My father is arguing with his father
about killing a horse. Go on, he says,
Do it. Handing over the rifle,
he steps a few paces back,
between stems of high yellow grass.

It is the best thing to do.
The horse is old; its ribs stick out
like a tunnel of bent, threshed wheat.
The wind moves through it, and the horse
is thirsty, making a hollow sound.
The horse has not remembered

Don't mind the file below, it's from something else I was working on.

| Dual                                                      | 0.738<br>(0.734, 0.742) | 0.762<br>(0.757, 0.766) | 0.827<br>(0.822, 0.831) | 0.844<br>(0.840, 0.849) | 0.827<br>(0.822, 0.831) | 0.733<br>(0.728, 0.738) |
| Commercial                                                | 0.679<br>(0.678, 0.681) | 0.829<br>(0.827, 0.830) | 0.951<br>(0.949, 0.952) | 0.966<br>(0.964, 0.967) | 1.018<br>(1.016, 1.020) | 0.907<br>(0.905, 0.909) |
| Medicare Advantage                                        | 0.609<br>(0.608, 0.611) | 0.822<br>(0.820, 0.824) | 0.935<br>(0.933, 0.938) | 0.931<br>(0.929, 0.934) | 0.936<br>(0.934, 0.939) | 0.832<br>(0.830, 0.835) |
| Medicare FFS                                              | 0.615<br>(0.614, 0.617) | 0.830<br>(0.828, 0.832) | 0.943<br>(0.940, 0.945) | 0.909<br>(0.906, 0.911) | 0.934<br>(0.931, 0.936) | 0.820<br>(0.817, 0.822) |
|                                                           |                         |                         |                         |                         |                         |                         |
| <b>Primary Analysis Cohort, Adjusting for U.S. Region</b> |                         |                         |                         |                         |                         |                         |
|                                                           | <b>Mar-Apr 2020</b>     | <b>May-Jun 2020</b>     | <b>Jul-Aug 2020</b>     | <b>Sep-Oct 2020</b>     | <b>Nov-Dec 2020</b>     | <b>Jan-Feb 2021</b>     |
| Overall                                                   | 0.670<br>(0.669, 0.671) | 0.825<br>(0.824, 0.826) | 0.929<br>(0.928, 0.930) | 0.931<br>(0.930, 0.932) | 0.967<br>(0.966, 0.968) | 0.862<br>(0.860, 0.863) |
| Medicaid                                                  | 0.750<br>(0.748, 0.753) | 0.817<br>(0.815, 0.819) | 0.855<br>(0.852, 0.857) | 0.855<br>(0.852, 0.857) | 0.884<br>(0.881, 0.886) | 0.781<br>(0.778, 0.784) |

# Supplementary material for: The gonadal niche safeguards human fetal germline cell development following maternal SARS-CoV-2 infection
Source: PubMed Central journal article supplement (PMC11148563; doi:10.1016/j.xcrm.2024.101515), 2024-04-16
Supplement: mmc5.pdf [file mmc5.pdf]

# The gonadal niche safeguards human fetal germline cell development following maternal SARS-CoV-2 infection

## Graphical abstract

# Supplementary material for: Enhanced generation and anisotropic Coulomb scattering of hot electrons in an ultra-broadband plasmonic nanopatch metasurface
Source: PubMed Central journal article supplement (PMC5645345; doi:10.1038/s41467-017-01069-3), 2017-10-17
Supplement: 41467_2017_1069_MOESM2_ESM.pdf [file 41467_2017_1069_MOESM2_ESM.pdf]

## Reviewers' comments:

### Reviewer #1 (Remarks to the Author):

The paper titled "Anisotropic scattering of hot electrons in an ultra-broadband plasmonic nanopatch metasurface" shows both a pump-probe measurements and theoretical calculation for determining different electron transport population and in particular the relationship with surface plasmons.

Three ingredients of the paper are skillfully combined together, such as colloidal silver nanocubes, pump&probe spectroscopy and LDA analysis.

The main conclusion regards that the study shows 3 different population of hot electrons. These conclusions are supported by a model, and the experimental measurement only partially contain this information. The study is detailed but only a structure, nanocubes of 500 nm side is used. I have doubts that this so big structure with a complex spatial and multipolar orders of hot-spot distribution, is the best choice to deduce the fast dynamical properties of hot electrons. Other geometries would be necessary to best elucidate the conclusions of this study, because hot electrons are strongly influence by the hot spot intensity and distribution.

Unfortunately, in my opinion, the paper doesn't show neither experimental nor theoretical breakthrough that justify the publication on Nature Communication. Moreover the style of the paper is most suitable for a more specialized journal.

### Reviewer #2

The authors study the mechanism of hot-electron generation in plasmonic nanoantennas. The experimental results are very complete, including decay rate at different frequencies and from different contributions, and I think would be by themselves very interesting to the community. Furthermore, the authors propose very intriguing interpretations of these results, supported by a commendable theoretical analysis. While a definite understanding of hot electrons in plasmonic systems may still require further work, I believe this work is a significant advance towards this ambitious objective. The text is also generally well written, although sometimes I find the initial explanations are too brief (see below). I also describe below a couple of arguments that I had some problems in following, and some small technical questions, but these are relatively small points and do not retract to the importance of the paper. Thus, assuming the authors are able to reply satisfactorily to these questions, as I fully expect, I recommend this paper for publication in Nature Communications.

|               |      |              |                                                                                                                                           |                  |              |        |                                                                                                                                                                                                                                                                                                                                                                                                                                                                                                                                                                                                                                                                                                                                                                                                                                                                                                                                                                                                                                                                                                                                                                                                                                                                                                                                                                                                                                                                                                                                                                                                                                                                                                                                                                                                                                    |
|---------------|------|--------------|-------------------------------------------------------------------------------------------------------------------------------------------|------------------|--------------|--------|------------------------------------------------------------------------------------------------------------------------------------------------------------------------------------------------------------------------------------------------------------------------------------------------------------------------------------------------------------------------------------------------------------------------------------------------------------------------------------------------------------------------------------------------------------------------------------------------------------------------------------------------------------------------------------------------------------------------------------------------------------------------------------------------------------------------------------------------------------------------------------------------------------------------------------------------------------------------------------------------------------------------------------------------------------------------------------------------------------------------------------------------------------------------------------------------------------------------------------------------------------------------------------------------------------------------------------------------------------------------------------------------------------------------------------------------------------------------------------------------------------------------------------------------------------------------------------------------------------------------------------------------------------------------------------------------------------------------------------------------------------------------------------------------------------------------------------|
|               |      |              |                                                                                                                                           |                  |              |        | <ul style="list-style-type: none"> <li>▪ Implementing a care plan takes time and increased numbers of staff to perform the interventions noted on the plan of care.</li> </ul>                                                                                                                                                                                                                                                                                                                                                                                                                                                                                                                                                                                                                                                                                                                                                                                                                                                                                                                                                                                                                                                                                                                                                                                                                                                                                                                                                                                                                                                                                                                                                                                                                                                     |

to be hungry for a very long time.
Under the weight of some secret knowledge,
it stands at the edge of the field.

My father steps back, wanting
to know what to expect. As he walks
forward, the older man leaves
a half-bent trail in the grass.
Reaching the horse, he embraces it
like a child.

He brushes its soft shoulders,
its flanks. He leads it to the forest.
Go on, he says. Go on.